Why did it take an order from the government to force people to stay home and be with their loved ones and find ways to stay connected and healthy? To make staying home a praiseworthy activity?

Why did it take a deadly disease for us to care about protecting the elderly, the immuno-compromised, and the people with little to no job security?

Please explain this to me because I don’t understand.

And if you find yourself truly uncomfortable with your way of life for possibly the first time: Welcome to my world! Take a seat! It’s going to take some getting used to, but don’t worry, you’re going to adjust!

Here are some pointers for living in a world you weren’t built for:

  1. Pay attention: Your body is constantly giving you messages about how you feel, what you need, and now more than ever it is essential that you listen to them. In order for me to survive in a large group setting, I have to continuously check in: Am I tired? Let’s go to the bathroom for a break from people, or maybe grab a snack for energy. Am I awkward or lonely? Let’s find a friendly face to cheer us up and help us get through another conversation. Am I stressed? Let’s find a painting on the wall we like, or a beautiful view through a window, or text a fellow introverted friend about how stressful people are. Am I actually surprisingly happy? Let’s remember exactly who I’m talking to and what I’m doing so we can replicate this situation in the future.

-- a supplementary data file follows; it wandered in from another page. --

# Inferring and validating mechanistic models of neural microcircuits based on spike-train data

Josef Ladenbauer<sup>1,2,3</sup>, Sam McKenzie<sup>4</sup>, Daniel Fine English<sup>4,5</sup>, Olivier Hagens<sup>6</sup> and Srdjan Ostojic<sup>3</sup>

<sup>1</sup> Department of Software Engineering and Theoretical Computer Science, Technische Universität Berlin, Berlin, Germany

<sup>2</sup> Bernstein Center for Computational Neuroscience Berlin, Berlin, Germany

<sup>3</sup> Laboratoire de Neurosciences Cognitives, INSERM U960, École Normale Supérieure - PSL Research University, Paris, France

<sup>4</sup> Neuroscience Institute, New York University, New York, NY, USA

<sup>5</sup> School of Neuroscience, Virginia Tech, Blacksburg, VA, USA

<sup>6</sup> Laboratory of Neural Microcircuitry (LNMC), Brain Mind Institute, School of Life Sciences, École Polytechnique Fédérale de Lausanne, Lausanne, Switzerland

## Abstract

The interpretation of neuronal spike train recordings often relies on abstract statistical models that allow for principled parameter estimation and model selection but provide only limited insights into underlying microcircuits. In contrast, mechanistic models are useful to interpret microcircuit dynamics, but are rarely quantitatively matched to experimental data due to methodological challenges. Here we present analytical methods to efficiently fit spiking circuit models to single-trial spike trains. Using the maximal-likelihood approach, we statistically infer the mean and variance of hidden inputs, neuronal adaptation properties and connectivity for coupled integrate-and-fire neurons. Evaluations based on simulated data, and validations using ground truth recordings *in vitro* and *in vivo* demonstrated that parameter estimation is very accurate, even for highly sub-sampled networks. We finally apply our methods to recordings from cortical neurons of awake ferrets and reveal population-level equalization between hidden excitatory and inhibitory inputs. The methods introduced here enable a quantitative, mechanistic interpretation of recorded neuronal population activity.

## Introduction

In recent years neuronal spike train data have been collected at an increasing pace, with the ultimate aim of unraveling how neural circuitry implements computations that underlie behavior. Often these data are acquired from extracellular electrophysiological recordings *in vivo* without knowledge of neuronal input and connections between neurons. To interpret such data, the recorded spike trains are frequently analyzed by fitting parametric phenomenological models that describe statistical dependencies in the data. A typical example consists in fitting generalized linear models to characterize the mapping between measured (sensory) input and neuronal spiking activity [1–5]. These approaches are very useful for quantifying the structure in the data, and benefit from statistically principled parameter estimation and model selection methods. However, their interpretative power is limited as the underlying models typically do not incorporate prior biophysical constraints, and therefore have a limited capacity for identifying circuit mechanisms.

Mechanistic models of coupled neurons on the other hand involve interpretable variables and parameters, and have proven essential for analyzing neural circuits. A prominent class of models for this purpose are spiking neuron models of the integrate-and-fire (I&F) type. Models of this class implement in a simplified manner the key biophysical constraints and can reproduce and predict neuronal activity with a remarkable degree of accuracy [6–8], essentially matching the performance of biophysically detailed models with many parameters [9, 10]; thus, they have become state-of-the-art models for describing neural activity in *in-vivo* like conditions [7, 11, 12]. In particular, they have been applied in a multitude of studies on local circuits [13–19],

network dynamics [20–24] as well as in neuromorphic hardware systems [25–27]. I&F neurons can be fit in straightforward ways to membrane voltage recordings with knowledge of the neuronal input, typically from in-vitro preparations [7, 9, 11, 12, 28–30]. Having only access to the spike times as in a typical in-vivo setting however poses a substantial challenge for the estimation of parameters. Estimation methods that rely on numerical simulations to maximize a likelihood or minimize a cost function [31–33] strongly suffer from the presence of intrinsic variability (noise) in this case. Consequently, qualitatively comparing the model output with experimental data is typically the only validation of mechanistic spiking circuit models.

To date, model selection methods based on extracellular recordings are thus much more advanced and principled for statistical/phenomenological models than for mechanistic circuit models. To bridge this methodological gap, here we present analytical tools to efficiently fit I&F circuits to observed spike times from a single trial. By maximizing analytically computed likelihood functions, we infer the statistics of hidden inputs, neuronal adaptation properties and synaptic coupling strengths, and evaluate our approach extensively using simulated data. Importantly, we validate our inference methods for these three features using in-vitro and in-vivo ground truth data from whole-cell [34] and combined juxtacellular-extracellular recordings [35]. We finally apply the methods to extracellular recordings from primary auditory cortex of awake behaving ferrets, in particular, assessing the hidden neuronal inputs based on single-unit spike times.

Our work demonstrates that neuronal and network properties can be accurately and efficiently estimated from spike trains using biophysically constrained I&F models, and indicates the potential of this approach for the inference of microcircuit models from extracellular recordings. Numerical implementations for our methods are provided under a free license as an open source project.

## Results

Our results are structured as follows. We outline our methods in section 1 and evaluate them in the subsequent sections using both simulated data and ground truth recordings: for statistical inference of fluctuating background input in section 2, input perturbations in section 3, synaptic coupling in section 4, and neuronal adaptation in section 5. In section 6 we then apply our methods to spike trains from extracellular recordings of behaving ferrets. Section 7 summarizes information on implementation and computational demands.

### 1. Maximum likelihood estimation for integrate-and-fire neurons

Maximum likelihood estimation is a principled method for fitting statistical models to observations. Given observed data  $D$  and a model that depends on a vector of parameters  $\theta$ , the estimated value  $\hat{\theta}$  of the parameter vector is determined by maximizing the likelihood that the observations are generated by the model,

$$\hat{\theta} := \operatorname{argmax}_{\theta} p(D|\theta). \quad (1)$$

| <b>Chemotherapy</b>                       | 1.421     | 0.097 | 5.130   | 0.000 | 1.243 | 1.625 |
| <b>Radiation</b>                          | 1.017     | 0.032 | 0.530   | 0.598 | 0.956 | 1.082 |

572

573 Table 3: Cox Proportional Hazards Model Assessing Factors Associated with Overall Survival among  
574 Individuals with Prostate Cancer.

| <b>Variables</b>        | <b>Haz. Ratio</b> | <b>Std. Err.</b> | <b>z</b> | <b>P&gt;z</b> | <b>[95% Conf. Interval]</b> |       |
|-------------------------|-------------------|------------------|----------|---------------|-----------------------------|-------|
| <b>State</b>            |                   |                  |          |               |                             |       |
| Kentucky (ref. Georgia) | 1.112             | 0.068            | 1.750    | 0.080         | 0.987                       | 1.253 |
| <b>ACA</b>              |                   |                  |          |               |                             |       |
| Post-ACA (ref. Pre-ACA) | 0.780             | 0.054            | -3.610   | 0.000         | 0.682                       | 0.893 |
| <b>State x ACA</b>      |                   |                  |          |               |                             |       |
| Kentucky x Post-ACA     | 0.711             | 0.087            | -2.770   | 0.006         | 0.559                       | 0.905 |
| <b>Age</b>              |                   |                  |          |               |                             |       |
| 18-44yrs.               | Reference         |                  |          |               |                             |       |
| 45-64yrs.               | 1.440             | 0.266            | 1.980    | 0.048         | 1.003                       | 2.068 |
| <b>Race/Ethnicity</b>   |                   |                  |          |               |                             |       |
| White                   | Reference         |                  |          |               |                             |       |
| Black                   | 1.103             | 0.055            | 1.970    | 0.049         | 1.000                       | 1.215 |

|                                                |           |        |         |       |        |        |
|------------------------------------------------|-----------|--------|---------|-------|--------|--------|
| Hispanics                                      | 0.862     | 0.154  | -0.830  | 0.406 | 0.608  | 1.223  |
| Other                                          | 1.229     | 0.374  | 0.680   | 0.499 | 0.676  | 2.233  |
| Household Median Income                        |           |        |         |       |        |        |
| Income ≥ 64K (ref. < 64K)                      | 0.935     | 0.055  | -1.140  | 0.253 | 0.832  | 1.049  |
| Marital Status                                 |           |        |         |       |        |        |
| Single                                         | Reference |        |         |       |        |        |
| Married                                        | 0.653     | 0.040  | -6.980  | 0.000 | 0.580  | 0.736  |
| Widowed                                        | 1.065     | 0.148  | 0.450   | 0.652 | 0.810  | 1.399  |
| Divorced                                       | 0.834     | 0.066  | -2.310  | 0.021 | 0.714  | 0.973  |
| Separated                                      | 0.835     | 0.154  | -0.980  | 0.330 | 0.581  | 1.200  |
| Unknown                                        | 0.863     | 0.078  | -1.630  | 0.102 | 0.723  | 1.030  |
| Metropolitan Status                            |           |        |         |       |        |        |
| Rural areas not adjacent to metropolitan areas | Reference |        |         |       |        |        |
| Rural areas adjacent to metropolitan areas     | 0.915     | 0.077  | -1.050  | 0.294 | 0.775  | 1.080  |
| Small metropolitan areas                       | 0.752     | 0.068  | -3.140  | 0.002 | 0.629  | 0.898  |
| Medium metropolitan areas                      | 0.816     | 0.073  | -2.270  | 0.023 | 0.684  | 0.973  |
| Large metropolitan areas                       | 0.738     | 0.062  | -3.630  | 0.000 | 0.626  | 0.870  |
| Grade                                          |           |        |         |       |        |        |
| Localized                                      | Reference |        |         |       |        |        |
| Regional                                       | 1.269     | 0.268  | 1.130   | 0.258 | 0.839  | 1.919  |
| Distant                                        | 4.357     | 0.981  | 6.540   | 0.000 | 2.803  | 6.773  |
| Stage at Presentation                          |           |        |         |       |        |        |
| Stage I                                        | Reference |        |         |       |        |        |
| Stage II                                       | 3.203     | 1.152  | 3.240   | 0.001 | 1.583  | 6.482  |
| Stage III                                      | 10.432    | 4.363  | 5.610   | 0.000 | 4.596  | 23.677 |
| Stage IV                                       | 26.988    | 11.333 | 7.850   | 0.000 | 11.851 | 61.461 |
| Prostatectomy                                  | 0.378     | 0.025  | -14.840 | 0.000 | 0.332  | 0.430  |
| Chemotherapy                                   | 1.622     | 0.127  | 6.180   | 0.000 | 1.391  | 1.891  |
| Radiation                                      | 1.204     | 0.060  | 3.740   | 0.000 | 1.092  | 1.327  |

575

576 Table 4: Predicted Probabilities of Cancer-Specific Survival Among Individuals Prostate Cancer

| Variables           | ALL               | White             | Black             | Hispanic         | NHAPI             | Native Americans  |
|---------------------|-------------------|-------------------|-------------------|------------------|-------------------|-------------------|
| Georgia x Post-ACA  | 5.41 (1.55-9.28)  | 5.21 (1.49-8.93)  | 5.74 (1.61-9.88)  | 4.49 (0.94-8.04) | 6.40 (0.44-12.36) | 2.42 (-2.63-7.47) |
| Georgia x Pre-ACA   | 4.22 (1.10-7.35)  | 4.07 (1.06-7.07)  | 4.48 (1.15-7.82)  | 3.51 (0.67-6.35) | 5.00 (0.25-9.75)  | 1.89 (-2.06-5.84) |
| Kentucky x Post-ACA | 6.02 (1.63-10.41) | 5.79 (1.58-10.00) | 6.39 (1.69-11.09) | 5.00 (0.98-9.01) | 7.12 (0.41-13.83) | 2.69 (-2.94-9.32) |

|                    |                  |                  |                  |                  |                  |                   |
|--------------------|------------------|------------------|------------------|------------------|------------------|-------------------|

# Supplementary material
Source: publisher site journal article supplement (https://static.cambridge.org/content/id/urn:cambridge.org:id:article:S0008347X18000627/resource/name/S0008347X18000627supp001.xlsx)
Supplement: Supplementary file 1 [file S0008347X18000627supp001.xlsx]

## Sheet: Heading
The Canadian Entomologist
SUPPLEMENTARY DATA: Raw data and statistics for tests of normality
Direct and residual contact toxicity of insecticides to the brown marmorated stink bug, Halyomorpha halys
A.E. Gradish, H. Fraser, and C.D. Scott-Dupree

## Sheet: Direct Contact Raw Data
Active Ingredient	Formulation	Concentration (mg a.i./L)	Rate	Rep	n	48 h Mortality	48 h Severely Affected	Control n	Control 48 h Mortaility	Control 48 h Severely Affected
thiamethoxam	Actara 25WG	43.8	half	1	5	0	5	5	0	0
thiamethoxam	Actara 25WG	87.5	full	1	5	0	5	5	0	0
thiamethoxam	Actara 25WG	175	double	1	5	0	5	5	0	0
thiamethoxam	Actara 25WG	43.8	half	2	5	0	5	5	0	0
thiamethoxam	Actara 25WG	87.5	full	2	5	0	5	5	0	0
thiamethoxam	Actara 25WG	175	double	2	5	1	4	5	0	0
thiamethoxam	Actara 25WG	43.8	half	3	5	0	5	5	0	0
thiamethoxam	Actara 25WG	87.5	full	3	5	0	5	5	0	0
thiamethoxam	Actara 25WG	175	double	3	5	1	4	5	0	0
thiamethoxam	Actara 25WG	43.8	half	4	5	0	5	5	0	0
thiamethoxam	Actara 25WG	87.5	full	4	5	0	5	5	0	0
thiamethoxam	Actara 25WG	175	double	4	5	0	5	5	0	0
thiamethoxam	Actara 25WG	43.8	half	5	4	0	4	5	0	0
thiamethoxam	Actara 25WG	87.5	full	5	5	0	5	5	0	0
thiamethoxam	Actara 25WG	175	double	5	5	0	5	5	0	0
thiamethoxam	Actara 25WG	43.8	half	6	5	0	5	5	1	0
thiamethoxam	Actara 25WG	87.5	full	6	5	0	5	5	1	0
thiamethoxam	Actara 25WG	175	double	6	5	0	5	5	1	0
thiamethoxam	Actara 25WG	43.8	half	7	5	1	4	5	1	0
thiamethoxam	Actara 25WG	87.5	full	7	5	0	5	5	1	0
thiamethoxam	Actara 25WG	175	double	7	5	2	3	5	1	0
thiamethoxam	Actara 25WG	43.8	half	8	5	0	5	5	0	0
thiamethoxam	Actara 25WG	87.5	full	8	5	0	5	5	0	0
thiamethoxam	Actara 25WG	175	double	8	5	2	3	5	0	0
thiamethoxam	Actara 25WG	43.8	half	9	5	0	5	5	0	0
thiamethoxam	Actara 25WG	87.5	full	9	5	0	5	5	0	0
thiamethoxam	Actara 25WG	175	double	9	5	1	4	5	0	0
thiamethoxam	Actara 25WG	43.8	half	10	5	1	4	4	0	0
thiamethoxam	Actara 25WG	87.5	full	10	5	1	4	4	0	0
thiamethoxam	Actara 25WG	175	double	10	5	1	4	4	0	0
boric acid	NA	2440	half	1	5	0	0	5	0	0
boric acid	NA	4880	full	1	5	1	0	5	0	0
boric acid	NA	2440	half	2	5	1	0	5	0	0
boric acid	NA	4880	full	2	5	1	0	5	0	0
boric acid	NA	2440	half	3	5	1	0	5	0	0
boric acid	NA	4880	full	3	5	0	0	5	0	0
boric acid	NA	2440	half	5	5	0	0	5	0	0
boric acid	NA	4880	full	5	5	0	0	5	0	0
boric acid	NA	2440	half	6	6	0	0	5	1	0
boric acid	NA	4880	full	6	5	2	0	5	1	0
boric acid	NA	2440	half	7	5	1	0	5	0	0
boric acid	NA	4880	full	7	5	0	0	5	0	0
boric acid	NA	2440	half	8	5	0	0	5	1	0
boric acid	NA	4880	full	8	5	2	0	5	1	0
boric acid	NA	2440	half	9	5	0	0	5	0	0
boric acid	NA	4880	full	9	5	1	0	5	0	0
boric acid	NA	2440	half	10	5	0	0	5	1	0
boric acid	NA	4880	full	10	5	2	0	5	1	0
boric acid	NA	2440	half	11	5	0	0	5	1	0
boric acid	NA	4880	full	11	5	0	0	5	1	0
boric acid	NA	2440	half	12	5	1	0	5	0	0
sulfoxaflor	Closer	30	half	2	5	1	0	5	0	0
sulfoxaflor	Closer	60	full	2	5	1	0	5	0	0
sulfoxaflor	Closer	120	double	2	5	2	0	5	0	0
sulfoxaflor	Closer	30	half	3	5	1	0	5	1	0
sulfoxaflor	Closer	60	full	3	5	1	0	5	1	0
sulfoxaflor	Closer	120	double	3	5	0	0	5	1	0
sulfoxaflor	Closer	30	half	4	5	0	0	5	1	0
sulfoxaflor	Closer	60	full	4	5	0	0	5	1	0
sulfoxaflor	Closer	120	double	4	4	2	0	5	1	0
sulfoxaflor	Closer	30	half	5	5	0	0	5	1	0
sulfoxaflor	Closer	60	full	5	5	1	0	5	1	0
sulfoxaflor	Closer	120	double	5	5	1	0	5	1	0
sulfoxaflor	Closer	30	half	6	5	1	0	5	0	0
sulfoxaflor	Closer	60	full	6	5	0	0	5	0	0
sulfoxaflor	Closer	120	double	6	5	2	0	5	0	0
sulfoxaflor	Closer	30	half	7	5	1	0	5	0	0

1. Small victories: Everything about your way of life is contrary to what you want to be doing, so to keep running the marathon, you have to celebrate every single difficult thing you accomplish. Did you put on clothes that are not sweatpants? Throw a dance party! Did you go for a walk to help calm your thoughts? That deserves a cookie! Did you get a healthy amount of sleep when all you wanted to do was throw a rager in the backyard with your dog? Give yourself (and your dog) a hug! This kind of celebration and pride will help you keep going even when you don’t think you can.
  1. CO-MUN-I-CATE: I cannot stress how important it is to communicate how you feel, and how those feelings change under different circumstances, to yourself and the people in your life. If you skip this step, you’ll end up berating yourself and eventually explode, and then all the shrapnel from the explosion will hit people you love. Gotta let the air out of the balloon regularly or it pops. I tell literally everyone – my roommates, my boss, my friends, my family – how I may respond to certain circumstances and what I’m going to need to do in order to get through those feelings. Then, when I’m dissolving into a puddle on the kitchen floor because of a stressful phone call or screaming at the top of my lungs and punching pillows because the smoke alarm is going off (both true stories), they know how to react. I survive, they survive, we all survive.

And now with all this in mind, I will just say this: I hope that, through this process, as the world comes together to fight off a pandemic, we will all remember what this felt like. When we see a person who just can’t quite cope with the pace of life, we will remember the time we were going mad in the midst of our social isolation, and we will give them space to be themselves. 

And maybe, even more than that, we will join them in THEIR space instead of forcing them to be in ours.

Be safe everyone. Much love.


Julia Clausen is one of the hosts of the podcast Bookclub with Julia and Victoria. She is a Californian transplanted to Chicago. After spending the first 23 years of her life reading, she loves every chance she can get to talk at length about her areas of expertise.